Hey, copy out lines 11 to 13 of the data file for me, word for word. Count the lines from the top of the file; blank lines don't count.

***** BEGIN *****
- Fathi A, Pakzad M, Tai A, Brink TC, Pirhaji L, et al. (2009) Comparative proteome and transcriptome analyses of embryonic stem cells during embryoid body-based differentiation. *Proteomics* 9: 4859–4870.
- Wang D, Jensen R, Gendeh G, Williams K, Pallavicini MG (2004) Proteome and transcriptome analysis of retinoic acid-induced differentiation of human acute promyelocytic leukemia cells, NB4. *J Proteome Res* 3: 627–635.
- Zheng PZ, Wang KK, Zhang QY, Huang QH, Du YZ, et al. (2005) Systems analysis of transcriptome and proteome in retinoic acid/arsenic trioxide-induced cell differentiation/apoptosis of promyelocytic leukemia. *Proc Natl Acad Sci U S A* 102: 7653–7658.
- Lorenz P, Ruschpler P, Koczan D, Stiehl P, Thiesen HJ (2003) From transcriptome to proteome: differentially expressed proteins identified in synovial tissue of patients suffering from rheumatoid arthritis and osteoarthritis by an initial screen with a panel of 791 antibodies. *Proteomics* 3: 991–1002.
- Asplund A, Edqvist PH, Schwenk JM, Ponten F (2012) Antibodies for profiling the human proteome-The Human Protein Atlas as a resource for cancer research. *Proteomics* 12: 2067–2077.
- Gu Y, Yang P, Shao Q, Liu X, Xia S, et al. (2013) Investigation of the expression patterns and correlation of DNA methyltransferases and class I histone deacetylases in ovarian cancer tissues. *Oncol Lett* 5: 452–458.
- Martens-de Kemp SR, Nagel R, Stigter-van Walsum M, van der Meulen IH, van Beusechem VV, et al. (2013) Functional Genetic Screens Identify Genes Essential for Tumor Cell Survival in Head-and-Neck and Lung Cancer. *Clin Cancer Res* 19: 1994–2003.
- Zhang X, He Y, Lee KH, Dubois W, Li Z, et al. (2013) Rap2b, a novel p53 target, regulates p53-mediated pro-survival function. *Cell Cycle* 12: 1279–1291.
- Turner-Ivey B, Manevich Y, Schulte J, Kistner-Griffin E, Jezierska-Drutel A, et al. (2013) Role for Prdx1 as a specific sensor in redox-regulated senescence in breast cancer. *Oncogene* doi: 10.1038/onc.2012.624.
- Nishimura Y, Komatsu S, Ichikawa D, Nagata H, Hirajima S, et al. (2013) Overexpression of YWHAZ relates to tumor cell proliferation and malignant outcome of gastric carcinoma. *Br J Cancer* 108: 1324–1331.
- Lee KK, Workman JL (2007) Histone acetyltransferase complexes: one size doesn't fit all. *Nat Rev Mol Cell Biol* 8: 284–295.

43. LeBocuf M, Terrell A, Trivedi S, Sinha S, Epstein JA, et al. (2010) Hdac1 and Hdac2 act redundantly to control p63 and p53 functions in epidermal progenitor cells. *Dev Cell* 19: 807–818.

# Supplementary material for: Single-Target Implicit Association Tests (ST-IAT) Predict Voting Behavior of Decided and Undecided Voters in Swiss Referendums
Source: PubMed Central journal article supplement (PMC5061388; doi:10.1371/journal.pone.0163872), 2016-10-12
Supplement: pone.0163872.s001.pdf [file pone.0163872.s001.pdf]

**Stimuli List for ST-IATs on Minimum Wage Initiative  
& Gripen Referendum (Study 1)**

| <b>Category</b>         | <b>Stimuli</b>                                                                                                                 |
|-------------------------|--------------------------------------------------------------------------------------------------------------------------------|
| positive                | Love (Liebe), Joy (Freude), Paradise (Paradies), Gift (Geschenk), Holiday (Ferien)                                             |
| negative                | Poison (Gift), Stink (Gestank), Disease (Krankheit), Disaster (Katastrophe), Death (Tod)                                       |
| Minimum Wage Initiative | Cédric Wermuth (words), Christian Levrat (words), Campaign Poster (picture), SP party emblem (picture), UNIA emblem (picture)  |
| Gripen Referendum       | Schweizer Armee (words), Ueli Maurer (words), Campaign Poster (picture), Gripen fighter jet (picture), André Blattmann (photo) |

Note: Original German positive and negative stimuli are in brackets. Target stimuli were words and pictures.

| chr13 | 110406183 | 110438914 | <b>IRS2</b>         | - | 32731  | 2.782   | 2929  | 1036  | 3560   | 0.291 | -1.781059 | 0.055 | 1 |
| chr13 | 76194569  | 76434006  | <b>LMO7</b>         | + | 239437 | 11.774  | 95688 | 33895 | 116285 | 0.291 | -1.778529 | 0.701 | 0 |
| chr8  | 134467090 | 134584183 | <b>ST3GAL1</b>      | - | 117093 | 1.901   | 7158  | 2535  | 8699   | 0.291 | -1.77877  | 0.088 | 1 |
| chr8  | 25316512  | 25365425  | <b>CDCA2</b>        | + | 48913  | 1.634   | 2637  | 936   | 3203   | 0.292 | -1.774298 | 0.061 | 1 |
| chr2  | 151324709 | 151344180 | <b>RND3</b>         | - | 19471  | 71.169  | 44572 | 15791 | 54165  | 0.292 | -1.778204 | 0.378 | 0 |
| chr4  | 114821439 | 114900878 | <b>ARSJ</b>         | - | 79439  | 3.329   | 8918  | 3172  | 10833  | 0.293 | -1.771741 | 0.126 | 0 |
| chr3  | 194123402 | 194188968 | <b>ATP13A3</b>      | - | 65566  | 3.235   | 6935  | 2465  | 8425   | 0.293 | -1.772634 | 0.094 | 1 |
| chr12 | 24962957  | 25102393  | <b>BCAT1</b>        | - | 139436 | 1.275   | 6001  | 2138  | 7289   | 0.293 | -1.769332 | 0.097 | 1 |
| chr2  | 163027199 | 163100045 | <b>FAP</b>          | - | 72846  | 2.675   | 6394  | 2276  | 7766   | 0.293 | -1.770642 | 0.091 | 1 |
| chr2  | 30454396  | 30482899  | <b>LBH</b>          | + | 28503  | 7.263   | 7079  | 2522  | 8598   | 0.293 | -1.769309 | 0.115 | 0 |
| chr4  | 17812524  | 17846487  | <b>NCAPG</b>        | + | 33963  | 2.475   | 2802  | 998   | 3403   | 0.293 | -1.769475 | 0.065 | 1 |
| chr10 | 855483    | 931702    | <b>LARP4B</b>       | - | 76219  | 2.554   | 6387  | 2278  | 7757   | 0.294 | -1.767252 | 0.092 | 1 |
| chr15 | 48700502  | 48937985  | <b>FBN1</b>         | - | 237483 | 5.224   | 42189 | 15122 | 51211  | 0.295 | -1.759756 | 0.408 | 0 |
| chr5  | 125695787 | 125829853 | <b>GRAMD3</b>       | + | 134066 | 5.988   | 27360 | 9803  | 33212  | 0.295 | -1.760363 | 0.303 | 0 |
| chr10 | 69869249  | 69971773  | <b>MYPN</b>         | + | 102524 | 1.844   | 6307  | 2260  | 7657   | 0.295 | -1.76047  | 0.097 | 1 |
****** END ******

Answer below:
- Lee KK, Workman JL (2007) Histone acetyltransferase complexes: one size doesn't fit all. *Nat Rev Mol Cell Biol* 8: 284–295.

43. LeBocuf M, Terrell A, Trivedi S, Sinha S, Epstein JA, et al. (2010) Hdac1 and Hdac2 act redundantly to control p63 and p53 functions in epidermal progenitor cells. *Dev Cell* 19: 807–818.

# Supplementary material for: Single-Target Implicit Association Tests (ST-IAT) Predict Voting Behavior of Decided and Undecided Voters in Swiss Referendums